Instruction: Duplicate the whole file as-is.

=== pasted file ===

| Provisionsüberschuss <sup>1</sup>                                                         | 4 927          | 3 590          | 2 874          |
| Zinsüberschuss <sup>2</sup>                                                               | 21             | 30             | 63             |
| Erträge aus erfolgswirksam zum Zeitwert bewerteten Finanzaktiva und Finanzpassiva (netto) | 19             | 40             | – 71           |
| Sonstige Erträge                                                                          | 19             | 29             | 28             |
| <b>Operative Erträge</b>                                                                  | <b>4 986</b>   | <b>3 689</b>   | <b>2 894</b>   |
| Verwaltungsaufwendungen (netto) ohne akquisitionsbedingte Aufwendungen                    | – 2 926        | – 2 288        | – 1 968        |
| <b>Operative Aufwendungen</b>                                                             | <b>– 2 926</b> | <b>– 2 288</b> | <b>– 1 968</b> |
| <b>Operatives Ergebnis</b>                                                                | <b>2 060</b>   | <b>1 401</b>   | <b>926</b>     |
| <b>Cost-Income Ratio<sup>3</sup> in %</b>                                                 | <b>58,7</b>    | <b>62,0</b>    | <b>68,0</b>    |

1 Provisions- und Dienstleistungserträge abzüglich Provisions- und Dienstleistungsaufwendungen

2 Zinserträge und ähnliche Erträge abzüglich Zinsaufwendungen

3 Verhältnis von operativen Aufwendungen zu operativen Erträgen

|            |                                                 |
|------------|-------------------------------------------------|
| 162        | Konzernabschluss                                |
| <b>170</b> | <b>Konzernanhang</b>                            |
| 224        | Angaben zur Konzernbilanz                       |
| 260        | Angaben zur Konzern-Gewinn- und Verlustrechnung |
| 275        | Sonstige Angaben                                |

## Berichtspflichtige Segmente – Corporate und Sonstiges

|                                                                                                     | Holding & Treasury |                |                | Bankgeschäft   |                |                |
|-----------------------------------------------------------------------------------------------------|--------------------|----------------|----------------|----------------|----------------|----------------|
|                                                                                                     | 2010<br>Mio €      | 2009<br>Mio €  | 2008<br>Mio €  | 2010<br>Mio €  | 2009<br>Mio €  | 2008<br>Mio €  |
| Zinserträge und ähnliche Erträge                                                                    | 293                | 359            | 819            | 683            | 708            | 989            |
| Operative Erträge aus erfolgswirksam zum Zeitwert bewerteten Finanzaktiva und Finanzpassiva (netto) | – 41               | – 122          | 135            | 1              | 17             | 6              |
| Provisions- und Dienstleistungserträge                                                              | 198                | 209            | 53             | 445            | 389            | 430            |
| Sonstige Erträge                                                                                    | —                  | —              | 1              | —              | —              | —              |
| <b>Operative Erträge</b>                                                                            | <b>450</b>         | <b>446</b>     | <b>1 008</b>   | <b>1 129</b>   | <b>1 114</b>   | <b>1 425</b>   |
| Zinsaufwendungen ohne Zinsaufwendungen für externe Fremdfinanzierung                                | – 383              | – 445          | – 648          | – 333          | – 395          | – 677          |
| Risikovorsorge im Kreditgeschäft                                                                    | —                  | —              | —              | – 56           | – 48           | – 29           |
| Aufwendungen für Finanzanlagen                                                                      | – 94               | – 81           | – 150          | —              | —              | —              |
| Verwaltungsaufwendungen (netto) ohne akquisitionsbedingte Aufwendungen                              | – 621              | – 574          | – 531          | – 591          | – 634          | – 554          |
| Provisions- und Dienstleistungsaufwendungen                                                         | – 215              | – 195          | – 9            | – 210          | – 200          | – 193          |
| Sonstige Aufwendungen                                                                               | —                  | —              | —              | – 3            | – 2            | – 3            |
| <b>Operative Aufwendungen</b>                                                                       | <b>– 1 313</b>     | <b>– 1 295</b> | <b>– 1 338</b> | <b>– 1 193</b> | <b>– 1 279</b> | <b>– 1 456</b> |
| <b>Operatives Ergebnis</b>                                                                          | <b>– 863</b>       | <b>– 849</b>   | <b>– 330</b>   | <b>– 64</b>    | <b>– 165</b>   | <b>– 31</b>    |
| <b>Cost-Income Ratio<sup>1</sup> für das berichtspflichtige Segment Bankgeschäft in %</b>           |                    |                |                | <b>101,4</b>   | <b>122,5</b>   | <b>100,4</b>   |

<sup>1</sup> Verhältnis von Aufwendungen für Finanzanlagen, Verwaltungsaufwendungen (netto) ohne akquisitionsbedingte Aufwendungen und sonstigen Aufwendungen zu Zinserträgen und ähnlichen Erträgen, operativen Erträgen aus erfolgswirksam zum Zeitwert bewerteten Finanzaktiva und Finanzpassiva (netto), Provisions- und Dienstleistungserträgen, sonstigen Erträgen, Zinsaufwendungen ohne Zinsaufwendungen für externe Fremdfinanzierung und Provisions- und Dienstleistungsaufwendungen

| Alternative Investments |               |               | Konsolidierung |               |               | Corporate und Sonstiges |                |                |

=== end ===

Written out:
| Provisionsüberschuss <sup>1</sup>                                                         | 4 927          | 3 590          | 2 874          |
| Zinsüberschuss <sup>2</sup>                                                               | 21             | 30             | 63             |
| Erträge aus erfolgswirksam zum Zeitwert bewerteten Finanzaktiva und Finanzpassiva (netto) | 19             | 40             | – 71           |
| Sonstige Erträge                                                                          | 19             | 29             | 28             |
| <b>Operative Erträge</b>                                                                  | <b>4 986</b>   | <b>3 689</b>   | <b>2 894</b>   |
| Verwaltungsaufwendungen (netto) ohne akquisitionsbedingte Aufwendungen                    | – 2 926        | – 2 288        | – 1 968        |
| <b>Operative Aufwendungen</b>                                                             | <b>– 2 926</b> | <b>– 2 288</b> | <b>– 1 968</b> |
| <b>Operatives Ergebnis</b>                                                                | <b>2 060</b>   | <b>1 401</b>   | <b>926</b>     |
| <b>Cost-Income Ratio<sup>3</sup> in %</b>                                                 | <b>58,7</b>    | <b>62,0</b>    | <b>68,0</b>    |

1 Provisions- und Dienstleistungserträge abzüglich Provisions- und Dienstleistungsaufwendungen

2 Zinserträge und ähnliche Erträge abzüglich Zinsaufwendungen

3 Verhältnis von operativen Aufwendungen zu operativen Erträgen

|            |                                                 |
|------------|-------------------------------------------------|
| 162        | Konzernabschluss                                |
| <b>170</b> | <b>Konzernanhang</b>                            |
| 224        | Angaben zur Konzernbilanz                       |
| 260        | Angaben zur Konzern-Gewinn- und Verlustrechnung |
| 275        | Sonstige Angaben                                |

## Berichtspflichtige Segmente – Corporate und Sonstiges

|                                                                                                     | Holding & Treasury |                |                | Bankgeschäft   |                |                |
|-----------------------------------------------------------------------------------------------------|--------------------|----------------|----------------|----------------|----------------|----------------|
|                                                                                                     | 2010<br>Mio €      | 2009<br>Mio €  | 2008<br>Mio €  | 2010<br>Mio €  | 2009<br>Mio €  | 2008<br>Mio €  |
| Zinserträge und ähnliche Erträge                                                                    | 293                | 359            | 819            | 683            | 708            | 989            |
| Operative Erträge aus erfolgswirksam zum Zeitwert bewerteten Finanzaktiva und Finanzpassiva (netto) | – 41               | – 122          | 135            | 1              | 17             | 6              |
| Provisions- und Dienstleistungserträge                                                              | 198                | 209            | 53             | 445            | 389            | 430            |
| Sonstige Erträge                                                                                    | —                  | —              | 1              | —              | —              | —              |
| <b>Operative Erträge</b>                                                                            | <b>450</b>         | <b>446</b>     | <b>1 008</b>   | <b>1 129</b>   | <b>1 114</b>   | <b>1 425</b>   |
| Zinsaufwendungen ohne Zinsaufwendungen für externe Fremdfinanzierung                                | – 383              | – 445          | – 648          | – 333          | – 395          | – 677          |
| Risikovorsorge im Kreditgeschäft                                                                    | —                  | —              | —              | – 56           | – 48           | – 29           |
| Aufwendungen für Finanzanlagen                                                                      | – 94               | – 81           | – 150          | —              | —              | —              |
| Verwaltungsaufwendungen (netto) ohne akquisitionsbedingte Aufwendungen                              | – 621              | – 574          | – 531          | – 591          | – 634          | – 554          |
| Provisions- und Dienstleistungsaufwendungen                                                         | – 215              | – 195          | – 9            | – 210          | – 200          | – 193          |
| Sonstige Aufwendungen                                                                               | —                  | —              | —              | – 3            | – 2            | – 3            |
| <b>Operative Aufwendungen</b>                                                                       | <b>– 1 313</b>     | <b>– 1 295</b> | <b>– 1 338</b> | <b>– 1 193</b> | <b>– 1 279</b> | <b>– 1 456</b> |
| <b>Operatives Ergebnis</b>                                                                          | <b>– 863</b>       | <b>– 849</b>   | <b>– 330</b>   | <b>– 64</b>    | <b>– 165</b>   | <b>– 31</b>    |
| <b>Cost-Income Ratio<sup>1</sup> für das berichtspflichtige Segment Bankgeschäft in %</b>           |                    |                |                | <b>101,4</b>   | <b>122,5</b>   | <b>100,4</b>   |

<sup>1</sup> Verhältnis von Aufwendungen für Finanzanlagen, Verwaltungsaufwendungen (netto) ohne akquisitionsbedingte Aufwendungen und sonstigen Aufwendungen zu Zinserträgen und ähnlichen Erträgen, operativen Erträgen aus erfolgswirksam zum Zeitwert bewerteten Finanzaktiva und Finanzpassiva (netto), Provisions- und Dienstleistungserträgen, sonstigen Erträgen, Zinsaufwendungen ohne Zinsaufwendungen für externe Fremdfinanzierung und Provisions- und Dienstleistungsaufwendungen

| Alternative Investments |               |               | Konsolidierung |               |               | Corporate und Sonstiges |                |                |